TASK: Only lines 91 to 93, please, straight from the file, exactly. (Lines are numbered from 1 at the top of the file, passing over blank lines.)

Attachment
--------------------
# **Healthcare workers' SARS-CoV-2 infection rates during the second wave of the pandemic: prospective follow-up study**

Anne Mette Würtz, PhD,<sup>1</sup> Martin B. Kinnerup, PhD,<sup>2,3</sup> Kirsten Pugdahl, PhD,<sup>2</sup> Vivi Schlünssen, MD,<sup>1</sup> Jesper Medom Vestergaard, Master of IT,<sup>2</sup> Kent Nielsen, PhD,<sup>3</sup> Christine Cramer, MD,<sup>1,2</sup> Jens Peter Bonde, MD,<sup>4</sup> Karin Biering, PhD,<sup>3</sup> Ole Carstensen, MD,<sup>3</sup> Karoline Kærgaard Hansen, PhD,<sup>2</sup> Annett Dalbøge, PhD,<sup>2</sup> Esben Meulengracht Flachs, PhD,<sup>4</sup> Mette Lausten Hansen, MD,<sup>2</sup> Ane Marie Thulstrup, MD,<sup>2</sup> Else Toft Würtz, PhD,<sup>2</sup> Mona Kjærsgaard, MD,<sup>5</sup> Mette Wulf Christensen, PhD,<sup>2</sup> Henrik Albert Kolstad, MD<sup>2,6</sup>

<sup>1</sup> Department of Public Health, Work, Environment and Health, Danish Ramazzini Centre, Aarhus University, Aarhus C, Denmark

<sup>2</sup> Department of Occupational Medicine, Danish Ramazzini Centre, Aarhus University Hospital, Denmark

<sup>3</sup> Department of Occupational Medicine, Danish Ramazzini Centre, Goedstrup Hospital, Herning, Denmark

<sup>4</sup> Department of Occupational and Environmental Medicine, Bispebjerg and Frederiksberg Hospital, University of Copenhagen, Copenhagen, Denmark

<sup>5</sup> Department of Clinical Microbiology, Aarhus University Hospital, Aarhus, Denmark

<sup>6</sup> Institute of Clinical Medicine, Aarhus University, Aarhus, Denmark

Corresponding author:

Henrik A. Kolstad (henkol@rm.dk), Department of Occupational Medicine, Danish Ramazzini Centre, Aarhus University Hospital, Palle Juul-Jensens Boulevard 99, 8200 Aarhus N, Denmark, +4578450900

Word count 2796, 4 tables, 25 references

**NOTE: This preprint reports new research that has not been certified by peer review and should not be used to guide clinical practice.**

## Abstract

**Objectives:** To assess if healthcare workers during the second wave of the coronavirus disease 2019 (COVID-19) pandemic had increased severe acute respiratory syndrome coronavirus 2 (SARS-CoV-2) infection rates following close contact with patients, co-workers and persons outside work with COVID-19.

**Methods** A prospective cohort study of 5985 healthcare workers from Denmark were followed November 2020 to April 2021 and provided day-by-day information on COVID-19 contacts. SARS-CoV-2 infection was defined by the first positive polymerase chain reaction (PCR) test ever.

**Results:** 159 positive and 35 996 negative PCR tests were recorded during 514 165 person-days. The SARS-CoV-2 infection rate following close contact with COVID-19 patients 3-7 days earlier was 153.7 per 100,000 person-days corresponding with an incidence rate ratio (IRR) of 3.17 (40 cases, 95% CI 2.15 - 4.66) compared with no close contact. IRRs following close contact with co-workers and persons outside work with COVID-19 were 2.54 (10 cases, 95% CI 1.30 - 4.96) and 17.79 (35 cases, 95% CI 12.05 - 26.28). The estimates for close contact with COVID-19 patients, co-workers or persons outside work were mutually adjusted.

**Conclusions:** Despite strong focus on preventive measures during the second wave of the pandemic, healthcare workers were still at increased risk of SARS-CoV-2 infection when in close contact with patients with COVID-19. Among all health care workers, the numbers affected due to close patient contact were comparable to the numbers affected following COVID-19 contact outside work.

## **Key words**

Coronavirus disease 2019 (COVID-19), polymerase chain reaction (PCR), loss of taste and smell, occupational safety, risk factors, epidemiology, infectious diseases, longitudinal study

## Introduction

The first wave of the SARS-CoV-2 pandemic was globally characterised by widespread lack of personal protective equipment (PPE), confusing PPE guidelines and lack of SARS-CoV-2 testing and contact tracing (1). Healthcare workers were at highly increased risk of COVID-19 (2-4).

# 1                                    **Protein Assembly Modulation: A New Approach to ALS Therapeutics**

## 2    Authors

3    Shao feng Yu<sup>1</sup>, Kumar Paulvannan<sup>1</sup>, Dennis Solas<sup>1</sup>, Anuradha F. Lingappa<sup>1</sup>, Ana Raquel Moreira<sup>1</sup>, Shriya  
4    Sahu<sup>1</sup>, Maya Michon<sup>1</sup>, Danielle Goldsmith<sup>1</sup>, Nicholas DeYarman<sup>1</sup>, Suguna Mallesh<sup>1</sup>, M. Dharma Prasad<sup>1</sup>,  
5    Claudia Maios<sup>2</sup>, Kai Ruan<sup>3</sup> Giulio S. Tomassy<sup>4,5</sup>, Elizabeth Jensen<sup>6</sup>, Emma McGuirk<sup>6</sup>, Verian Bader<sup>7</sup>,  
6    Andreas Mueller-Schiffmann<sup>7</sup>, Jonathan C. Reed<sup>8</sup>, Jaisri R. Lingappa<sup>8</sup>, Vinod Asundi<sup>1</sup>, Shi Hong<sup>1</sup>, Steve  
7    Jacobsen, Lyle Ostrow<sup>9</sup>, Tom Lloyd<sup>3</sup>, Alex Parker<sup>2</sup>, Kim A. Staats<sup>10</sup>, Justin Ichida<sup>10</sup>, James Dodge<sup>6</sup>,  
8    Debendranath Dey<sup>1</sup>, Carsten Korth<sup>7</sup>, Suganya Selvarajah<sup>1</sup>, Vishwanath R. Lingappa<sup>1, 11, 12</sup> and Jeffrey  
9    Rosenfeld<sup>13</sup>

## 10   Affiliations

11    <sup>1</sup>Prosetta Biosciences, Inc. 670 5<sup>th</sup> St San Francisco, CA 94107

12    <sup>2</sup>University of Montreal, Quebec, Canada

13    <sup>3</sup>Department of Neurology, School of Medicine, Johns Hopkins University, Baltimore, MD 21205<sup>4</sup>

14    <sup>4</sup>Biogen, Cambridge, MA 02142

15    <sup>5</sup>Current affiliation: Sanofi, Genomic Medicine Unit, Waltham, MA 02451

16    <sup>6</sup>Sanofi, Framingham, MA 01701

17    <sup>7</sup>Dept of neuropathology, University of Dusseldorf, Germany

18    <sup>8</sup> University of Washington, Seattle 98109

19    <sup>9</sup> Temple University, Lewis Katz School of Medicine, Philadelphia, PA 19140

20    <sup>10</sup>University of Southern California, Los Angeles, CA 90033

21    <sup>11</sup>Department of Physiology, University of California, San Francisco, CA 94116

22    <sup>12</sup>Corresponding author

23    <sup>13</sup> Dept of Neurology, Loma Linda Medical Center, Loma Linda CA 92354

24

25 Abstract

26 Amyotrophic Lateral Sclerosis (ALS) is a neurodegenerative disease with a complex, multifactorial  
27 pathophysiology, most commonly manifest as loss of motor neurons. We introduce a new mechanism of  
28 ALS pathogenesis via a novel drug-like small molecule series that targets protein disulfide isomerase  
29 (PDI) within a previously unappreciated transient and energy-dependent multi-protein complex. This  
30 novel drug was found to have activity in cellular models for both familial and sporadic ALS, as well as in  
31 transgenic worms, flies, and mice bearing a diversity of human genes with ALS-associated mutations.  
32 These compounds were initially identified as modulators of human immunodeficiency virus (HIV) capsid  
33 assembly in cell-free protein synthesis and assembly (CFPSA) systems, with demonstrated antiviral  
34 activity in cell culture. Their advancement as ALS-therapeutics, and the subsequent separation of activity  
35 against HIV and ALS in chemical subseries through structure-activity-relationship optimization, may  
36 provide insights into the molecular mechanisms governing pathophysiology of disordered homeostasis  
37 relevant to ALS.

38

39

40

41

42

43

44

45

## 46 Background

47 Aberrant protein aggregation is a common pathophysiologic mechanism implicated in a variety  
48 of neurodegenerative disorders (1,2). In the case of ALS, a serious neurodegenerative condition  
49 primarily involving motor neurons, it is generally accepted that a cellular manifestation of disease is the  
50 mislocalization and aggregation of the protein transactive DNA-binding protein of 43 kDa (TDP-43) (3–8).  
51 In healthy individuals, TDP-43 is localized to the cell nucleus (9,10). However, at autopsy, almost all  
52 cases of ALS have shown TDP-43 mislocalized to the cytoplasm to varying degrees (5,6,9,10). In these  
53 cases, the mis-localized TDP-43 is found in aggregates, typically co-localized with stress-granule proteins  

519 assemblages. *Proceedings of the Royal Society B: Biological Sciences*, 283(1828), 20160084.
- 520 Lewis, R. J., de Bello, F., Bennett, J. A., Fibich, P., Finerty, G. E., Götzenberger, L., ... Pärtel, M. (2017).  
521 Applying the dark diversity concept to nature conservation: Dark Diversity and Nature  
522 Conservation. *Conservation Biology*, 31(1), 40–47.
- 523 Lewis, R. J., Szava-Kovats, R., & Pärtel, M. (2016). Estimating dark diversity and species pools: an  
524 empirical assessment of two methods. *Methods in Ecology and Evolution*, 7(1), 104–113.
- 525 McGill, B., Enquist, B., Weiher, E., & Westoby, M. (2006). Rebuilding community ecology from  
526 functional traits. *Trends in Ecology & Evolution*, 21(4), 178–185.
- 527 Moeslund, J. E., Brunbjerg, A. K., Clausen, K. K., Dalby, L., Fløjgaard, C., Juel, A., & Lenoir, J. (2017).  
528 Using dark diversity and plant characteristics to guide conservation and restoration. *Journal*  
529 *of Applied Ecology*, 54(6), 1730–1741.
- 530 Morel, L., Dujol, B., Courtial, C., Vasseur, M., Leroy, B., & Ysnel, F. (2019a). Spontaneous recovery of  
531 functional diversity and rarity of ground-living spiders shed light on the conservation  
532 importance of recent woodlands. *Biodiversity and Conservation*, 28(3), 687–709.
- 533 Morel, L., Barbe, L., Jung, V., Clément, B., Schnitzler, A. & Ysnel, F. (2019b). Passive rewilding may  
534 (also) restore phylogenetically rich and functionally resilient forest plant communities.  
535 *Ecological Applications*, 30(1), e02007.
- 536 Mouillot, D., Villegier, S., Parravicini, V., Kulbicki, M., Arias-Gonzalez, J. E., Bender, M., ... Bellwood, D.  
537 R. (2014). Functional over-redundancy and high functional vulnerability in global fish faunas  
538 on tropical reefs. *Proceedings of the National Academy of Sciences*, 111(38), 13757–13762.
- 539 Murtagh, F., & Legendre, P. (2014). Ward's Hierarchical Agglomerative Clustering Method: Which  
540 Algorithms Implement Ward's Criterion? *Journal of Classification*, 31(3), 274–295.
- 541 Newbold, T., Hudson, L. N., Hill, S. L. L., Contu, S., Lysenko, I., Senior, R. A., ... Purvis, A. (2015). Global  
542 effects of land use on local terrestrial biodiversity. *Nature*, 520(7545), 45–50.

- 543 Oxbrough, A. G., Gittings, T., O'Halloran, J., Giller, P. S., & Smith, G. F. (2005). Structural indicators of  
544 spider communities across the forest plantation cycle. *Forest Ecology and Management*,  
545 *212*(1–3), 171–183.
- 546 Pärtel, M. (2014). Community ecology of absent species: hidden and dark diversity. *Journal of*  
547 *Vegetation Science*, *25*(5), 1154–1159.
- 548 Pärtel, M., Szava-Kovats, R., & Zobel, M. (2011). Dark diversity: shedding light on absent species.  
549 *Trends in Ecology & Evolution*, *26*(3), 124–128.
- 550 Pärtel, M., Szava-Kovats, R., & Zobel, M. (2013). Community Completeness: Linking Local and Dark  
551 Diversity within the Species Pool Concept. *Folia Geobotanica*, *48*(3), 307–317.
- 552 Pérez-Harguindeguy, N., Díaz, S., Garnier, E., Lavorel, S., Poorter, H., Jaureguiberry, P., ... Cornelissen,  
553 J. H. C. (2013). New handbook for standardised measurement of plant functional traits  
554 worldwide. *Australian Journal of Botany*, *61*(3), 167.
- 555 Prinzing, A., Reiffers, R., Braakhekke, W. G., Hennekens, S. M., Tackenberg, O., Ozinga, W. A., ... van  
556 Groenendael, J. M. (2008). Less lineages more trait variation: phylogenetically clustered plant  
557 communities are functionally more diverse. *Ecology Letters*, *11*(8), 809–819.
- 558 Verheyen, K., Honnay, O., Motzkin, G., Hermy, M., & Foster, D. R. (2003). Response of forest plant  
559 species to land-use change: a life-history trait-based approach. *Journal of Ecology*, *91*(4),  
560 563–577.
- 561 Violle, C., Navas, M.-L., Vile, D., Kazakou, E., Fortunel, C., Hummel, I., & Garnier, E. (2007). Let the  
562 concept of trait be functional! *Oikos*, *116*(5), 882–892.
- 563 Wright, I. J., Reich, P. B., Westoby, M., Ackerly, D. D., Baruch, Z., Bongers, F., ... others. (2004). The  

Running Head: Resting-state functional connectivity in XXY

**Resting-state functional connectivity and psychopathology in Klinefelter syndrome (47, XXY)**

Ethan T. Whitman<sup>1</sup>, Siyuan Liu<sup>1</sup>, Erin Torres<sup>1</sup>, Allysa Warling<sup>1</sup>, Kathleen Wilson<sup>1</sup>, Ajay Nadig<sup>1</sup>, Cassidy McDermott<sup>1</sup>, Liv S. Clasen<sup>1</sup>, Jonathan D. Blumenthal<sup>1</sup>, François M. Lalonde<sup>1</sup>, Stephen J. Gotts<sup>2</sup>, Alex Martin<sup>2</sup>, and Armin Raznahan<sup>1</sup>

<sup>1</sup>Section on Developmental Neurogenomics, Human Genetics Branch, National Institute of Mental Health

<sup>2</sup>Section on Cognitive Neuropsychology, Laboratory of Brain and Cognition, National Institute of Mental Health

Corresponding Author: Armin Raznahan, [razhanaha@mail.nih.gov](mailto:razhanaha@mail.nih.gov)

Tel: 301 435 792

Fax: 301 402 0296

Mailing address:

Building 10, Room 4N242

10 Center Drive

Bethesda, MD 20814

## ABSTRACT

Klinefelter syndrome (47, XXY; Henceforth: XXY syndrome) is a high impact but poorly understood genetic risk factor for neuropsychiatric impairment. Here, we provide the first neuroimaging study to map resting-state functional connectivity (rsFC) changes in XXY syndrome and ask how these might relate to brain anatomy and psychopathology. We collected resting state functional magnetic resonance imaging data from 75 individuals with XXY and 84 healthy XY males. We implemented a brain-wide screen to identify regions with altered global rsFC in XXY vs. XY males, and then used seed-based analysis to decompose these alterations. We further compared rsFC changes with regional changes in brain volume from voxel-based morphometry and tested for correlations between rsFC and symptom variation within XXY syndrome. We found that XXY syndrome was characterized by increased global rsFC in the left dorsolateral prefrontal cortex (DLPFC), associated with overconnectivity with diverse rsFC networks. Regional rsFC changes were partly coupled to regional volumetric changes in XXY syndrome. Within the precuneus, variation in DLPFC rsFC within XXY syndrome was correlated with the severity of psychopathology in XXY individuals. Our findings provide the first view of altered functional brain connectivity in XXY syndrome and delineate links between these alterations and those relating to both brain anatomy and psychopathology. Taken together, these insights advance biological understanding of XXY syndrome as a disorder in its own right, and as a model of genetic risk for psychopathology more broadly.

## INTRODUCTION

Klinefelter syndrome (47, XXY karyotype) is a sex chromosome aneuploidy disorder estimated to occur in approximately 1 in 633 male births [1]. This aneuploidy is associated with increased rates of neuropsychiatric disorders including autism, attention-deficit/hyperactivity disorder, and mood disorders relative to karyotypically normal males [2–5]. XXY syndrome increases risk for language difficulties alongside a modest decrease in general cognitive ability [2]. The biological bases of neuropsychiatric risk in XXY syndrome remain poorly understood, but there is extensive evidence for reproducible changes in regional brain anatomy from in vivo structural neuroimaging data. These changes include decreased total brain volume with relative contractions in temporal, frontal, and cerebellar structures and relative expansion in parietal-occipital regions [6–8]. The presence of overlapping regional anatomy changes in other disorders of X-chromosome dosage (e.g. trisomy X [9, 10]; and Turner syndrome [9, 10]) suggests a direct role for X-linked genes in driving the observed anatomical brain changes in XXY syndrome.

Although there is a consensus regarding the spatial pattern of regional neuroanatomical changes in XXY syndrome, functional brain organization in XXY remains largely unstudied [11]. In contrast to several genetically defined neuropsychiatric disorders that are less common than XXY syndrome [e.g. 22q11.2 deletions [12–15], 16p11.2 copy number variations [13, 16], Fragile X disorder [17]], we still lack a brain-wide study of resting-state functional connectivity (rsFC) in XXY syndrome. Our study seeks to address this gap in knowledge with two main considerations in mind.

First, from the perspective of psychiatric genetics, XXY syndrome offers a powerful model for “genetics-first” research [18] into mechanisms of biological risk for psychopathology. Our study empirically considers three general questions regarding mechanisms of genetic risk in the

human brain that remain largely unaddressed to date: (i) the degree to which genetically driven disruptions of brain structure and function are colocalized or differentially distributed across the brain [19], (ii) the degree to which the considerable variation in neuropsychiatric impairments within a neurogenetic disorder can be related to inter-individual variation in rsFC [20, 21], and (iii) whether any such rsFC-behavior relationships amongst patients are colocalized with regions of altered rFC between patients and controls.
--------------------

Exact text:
535 *Ecological Applications*, 30(1), e02007.
- 536 Mouillot, D., Villegier, S., Parravicini, V., Kulbicki, M., Arias-Gonzalez, J. E., Bender, M., ... Bellwood, D.  
537 R. (2014). Functional over-redundancy and high functional vulnerability in global fish faunas  